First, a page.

Wednesday, September 11, 2013

In Englands green & pleasant Land

To judge from video footage of Last Night of the Proms, 2013, the “dark Satanic Mills” that William Blake references in Jerusalem—Britain's other national anthem (Hubert Parry, 1916)—were on the minds of exactly nobody. 

There on the podium stood the American conductor Marin Alsop, the first woman to conduct what is doubtless the world's most famous annual concert but for New Year's in Vienna. You really wanted to think this wasn't such a big deal anymore: Alsop herself has been around, and high profile, for almost a generation. I was a fan of Sarah Caldwell 50 years ago. 

But in fact Alsop's evening was a Very Big Deal. As she noted in her eight-minute address from the podium, “I have to say I'm still quite shocked that it could be 2013 and there could be firsts for women.” (“Here's to the seconds, thirds, fourths, fifths, hundredths,” she went on when the applause died down.) 

“Girl's can't do that” came up “just last week,” she reminded us—this of course an allusion to Vasily Petrenko's appalling remarks to the Oslo Aftenposten to the effect that “musicians react better when they have a man in front of them;” “a cute girl on a podium means that the musicians think about other things.” “When they are faced with a man there are less erotic distractions, and with less sexual energy the musicians can focus on the music.” He went on, too, about the demands of motherhood, and his eventual backpedaling after a well-warranted international hue-and-cry—”I meant to be describing the situation in Russia”—didn't help his case much.

Alsop was right to suggest that Henry Wood and the founders would have been pleased by this late but obvious next-step: the series established in Queen's Hall in 1895 along the lines of the old pleasure-garden concerts in England and on the continent was specifically meant to create “a public for classical and modern music” “in easy stages.”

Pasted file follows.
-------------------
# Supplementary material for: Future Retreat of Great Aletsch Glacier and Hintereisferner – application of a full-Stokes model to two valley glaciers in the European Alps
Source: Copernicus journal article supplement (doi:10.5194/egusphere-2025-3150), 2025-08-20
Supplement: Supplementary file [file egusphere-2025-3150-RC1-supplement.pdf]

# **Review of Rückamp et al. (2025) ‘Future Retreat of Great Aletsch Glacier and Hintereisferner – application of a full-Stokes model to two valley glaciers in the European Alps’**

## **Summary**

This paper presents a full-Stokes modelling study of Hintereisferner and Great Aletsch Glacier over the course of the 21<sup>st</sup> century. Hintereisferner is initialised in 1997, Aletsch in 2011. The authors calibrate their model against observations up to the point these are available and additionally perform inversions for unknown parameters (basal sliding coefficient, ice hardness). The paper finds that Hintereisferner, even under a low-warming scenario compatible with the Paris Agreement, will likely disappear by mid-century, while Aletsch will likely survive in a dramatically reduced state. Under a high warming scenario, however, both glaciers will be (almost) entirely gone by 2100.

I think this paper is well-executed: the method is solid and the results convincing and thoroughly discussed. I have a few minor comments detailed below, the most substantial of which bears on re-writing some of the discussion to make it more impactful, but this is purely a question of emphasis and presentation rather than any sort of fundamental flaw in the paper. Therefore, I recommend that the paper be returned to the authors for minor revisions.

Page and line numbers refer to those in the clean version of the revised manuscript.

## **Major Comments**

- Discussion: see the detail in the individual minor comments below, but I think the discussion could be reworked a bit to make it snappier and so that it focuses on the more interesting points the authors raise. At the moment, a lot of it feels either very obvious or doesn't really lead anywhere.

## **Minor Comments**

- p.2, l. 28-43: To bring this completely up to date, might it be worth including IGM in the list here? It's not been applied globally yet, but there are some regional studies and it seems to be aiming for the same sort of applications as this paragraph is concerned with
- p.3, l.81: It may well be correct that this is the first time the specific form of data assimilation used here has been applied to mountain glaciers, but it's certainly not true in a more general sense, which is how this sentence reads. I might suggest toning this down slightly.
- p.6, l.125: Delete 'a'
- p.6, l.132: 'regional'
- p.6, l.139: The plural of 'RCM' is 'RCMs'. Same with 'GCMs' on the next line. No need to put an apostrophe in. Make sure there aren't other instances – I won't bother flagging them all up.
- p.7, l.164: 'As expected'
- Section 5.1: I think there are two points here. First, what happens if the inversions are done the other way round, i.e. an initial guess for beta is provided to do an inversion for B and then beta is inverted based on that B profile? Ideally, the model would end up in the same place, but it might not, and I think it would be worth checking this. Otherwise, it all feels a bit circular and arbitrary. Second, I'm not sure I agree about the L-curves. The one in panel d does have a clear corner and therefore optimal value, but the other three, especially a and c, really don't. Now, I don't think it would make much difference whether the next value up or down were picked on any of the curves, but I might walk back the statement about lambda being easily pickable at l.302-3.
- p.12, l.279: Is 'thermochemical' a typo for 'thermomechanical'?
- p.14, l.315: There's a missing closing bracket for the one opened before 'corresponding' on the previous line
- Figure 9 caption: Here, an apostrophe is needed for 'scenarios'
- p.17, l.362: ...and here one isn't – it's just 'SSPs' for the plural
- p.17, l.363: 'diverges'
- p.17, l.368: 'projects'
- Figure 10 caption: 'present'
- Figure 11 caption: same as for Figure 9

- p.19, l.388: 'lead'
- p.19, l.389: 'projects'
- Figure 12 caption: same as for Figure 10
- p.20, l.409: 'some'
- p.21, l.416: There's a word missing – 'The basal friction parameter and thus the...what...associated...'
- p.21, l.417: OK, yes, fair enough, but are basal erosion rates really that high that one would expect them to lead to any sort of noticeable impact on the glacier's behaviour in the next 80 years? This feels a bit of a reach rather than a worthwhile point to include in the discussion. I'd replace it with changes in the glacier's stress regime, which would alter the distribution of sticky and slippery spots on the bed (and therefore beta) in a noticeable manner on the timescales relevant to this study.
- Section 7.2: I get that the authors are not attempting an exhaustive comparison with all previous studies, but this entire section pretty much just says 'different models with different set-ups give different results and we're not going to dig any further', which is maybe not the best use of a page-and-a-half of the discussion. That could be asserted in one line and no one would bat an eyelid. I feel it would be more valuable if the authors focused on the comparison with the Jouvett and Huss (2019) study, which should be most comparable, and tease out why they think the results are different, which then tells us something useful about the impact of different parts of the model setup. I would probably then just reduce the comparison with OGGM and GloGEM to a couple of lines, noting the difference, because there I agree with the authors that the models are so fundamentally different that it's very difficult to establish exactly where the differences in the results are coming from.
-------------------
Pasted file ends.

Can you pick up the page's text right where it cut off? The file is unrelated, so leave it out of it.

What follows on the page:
Just earlier in the second half, another American, Joyce diDonato (born in Prairie Village, Kansas, no less), topped her two sets with a matchless “Over the Rainbow.”

This, too, was messaged (again, toward Russia): her “signature tune,” she said in advance, was offered to the LGBT community: “In the last few months [the song] has become particularly pertinent given what’s going on in Russia. This is particularly something I want to do for those over there who don’t have a voice.” Her lengthier written statement was posted on her website.

Overt political statements are theoretically forbidden at the Proms, though the meanings at issue were as obvious as Nigel Kennedy's Aston Villa football shirt. There was also, as noted in the press, a palpable sense of best behavior—and Alsop's dignified aplomb through the hubub (above all in Kennedy's bizarre Czárdás, unfunny and on the whole unpleasant) said as much about her achievement as the first-rate music she made. It was, in a word, historic.


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